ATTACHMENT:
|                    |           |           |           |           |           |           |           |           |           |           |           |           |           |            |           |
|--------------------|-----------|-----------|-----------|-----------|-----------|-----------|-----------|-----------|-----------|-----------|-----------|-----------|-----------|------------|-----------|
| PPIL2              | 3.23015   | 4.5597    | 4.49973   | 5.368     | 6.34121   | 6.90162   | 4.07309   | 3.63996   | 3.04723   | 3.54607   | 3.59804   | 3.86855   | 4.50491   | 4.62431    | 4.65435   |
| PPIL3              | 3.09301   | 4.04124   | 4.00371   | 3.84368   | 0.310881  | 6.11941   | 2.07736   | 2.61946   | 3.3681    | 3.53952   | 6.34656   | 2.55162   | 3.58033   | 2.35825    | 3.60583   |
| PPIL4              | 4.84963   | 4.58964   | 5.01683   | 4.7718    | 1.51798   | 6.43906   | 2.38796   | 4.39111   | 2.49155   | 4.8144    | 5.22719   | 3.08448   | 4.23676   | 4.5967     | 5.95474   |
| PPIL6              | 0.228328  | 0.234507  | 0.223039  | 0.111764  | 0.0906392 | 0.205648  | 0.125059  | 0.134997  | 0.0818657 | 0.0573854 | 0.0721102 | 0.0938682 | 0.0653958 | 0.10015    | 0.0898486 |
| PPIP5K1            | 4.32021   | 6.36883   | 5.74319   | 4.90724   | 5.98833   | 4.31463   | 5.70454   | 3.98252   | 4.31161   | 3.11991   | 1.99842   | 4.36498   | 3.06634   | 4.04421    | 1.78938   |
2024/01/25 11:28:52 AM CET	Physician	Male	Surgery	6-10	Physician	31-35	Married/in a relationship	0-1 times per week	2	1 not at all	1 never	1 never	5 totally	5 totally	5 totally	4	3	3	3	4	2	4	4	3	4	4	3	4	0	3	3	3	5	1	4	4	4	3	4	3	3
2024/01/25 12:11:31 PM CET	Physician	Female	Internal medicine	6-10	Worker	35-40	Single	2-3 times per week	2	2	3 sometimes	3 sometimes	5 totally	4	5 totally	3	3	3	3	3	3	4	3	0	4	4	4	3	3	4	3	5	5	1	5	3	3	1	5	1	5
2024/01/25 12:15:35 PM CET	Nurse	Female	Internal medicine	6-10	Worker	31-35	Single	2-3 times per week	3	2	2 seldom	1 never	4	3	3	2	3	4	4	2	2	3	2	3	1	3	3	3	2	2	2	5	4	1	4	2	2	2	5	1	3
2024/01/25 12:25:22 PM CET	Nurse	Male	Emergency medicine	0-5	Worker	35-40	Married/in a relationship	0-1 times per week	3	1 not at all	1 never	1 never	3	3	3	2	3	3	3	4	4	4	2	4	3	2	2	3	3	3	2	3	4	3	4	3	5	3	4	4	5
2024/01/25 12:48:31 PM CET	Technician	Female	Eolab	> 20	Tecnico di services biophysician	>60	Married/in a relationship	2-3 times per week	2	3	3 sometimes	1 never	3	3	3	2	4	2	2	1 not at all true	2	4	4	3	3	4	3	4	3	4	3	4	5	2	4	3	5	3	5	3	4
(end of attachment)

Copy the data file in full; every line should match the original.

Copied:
|                    |           |           |           |           |           |           |           |           |           |           |           |           |           |            |           |
|--------------------|-----------|-----------|-----------|-----------|-----------|-----------|-----------|-----------|-----------|-----------|-----------|-----------|-----------|------------|-----------|
| PPIL2              | 3.23015   | 4.5597    | 4.49973   | 5.368     | 6.34121   | 6.90162   | 4.07309   | 3.63996   | 3.04723   | 3.54607   | 3.59804   | 3.86855   | 4.50491   | 4.62431    | 4.65435   |
| PPIL3              | 3.09301   | 4.04124   | 4.00371   | 3.84368   | 0.310881  | 6.11941   | 2.07736   | 2.61946   | 3.3681    | 3.53952   | 6.34656   | 2.55162   | 3.58033   | 2.35825    | 3.60583   |
| PPIL4              | 4.84963   | 4.58964   | 5.01683   | 4.7718    | 1.51798   | 6.43906   | 2.38796   | 4.39111   | 2.49155   | 4.8144    | 5.22719   | 3.08448   | 4.23676   | 4.5967     | 5.95474   |
| PPIL6              | 0.228328  | 0.234507  | 0.223039  | 0.111764  | 0.0906392 | 0.205648  | 0.125059  | 0.134997  | 0.0818657 | 0.0573854 | 0.0721102 | 0.0938682 | 0.0653958 | 0.10015    | 0.0898486 |
| PPIP5K1            | 4.32021   | 6.36883   | 5.74319   | 4.90724   | 5.98833   | 4.31463   | 5.70454   | 3.98252   | 4.31161   | 3.11991   | 1.99842   | 4.36498   | 3.06634   | 4.04421    | 1.78938   |
2024/01/25 11:28:52 AM CET	Physician	Male	Surgery	6-10	Physician	31-35	Married/in a relationship	0-1 times per week	2	1 not at all	1 never	1 never	5 totally	5 totally	5 totally	4	3	3	3	4	2	4	4	3	4	4	3	4	0	3	3	3	5	1	4	4	4	3	4	3	3
2024/01/25 12:11:31 PM CET	Physician	Female	Internal medicine	6-10	Worker	35-40	Single	2-3 times per week	2	2	3 sometimes	3 sometimes	5 totally	4	5 totally	3	3	3	3	3	3	4	3	0	4	4	4	3	3	4	3	5	5	1	5	3	3	1	5	1	5
2024/01/25 12:15:35 PM CET	Nurse	Female	Internal medicine	6-10	Worker	31-35	Single	2-3 times per week	3	2	2 seldom	1 never	4	3	3	2	3	4	4	2	2	3	2	3	1	3	3	3	2	2	2	5	4	1	4	2	2	2	5	1	3
2024/01/25 12:25:22 PM CET	Nurse	Male	Emergency medicine	0-5	Worker	35-40	Married/in a relationship	0-1 times per week	3	1 not at all	1 never	1 never	3	3	3	2	3	3	3	4	4	4	2	4	3	2	2	3	3	3	2	3	4	3	4	3	5	3	4	4	5
2024/01/25 12:48:31 PM CET	Technician	Female	Eolab	> 20	Tecnico di services biophysician	>60	Married/in a relationship	2-3 times per week	2	3	3 sometimes	1 never	3	3	3	2	4	2	2	1 not at all true	2	4	4	3	3	4	3	4	3	4	3	4	5	2	4	3	5	3	5	3	4